D. Brock Hornby on Federal Sentencing
D. Brock Hornby of the U.S. District Court for the District of Maine authored an article for the Spring 2019 issue of Judicature entitled, “Can Federal Sentencing Remain Transparent?”
The following is an excerpt from the article:
Criminal trials have virtually disappeared in many federal courtrooms. According to a recent U.S. Sentencing Commission report, “[i]n recent years, 97 percent of federal defendants convicted of a felony or Class A misdemeanor offense are adjudicated guilty based on a guilty plea rather than on a verdict at a trial.” But sentencing has seemed to remain visible. In open court, federal judges traditionally explained to victims, the defendant, and the community the sentences they imposed. Now sentencing’s openness is in jeopardy, as federal prosecutors and defense counsel seek to conceal or disguise defendants’ cooperation with prosecutors or law enforcement and how that cooperation decreases their sentences.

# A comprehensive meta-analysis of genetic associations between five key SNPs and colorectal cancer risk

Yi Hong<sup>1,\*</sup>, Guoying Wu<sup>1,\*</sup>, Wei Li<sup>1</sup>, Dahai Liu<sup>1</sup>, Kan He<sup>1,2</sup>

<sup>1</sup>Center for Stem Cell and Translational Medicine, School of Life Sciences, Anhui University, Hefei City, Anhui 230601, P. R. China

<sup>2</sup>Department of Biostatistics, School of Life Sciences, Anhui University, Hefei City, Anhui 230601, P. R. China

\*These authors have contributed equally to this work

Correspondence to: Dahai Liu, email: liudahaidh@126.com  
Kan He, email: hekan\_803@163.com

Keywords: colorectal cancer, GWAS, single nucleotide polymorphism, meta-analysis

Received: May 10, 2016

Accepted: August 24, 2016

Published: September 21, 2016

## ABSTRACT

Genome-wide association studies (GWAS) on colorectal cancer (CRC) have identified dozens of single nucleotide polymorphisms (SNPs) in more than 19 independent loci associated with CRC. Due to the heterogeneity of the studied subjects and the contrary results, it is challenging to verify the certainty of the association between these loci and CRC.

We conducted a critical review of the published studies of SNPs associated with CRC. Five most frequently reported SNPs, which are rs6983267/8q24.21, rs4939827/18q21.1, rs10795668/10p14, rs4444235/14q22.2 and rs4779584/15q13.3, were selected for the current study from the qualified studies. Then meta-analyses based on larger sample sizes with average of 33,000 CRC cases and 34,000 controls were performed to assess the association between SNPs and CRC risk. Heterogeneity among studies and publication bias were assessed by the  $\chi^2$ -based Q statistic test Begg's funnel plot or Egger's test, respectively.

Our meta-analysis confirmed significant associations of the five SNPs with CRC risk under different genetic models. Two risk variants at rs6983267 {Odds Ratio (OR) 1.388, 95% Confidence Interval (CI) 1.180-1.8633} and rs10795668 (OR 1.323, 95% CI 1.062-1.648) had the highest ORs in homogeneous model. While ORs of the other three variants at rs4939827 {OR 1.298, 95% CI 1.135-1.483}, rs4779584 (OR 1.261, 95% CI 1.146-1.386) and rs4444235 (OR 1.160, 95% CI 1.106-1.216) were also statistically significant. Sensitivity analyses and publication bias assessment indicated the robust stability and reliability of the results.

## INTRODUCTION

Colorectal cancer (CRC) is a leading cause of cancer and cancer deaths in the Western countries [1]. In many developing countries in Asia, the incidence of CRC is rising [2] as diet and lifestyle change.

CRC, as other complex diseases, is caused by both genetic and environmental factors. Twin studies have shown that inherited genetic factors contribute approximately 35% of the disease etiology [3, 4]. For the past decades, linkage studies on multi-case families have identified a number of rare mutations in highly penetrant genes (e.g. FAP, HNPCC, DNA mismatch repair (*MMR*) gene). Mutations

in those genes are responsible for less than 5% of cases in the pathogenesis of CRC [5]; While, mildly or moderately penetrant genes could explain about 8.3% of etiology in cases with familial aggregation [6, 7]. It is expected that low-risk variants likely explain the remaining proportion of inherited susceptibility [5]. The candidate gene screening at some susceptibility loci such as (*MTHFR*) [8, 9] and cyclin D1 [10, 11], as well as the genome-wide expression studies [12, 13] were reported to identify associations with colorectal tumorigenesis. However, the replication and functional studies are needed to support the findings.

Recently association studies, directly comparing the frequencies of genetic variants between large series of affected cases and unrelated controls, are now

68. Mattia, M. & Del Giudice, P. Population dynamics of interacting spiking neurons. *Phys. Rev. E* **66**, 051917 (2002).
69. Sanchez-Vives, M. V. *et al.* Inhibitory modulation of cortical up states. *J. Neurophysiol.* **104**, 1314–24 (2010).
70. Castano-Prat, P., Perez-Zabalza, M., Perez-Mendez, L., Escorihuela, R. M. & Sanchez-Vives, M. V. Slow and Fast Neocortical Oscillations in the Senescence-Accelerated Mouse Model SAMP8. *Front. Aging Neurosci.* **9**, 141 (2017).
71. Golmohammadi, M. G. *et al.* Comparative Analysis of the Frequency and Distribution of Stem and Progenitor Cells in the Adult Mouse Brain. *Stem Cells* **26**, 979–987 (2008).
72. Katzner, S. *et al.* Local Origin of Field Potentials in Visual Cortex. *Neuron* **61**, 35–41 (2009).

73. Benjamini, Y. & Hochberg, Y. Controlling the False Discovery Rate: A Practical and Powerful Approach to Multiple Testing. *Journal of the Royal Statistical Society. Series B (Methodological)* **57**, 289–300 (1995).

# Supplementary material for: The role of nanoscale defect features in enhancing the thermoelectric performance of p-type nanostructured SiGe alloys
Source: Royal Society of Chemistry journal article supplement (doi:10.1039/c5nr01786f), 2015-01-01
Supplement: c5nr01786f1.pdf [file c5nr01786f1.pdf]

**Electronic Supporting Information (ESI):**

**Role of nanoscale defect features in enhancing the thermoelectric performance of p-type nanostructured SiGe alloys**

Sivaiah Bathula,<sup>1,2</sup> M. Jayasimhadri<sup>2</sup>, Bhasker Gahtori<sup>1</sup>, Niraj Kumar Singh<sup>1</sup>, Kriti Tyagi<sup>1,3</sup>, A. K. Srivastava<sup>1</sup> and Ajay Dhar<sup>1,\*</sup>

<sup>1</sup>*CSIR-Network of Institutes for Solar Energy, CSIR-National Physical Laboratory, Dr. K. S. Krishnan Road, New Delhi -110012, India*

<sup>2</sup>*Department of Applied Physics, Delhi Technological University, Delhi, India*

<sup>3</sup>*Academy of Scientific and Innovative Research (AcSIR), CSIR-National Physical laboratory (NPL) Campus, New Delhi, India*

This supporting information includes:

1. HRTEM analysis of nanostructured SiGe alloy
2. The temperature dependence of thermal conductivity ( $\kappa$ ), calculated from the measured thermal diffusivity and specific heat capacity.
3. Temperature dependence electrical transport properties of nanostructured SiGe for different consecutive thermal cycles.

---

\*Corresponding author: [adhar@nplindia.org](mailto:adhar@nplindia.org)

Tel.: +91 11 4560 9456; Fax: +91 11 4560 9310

Judge Hornby has served on the U.S. District Court for the District of Maine since 1990, and served as Chief Judge from 1996 to 2003. He formerly was a justice of the Maine Supreme Judicial Court and U.S. magistrate judge for the District Court for the District of Maine. Before joining the bench, he was a partner at Perkins, Thompson, Hinckley & Keddy in Portland, Maine, and a professor at UVA School of Law.
Read the full piece here.
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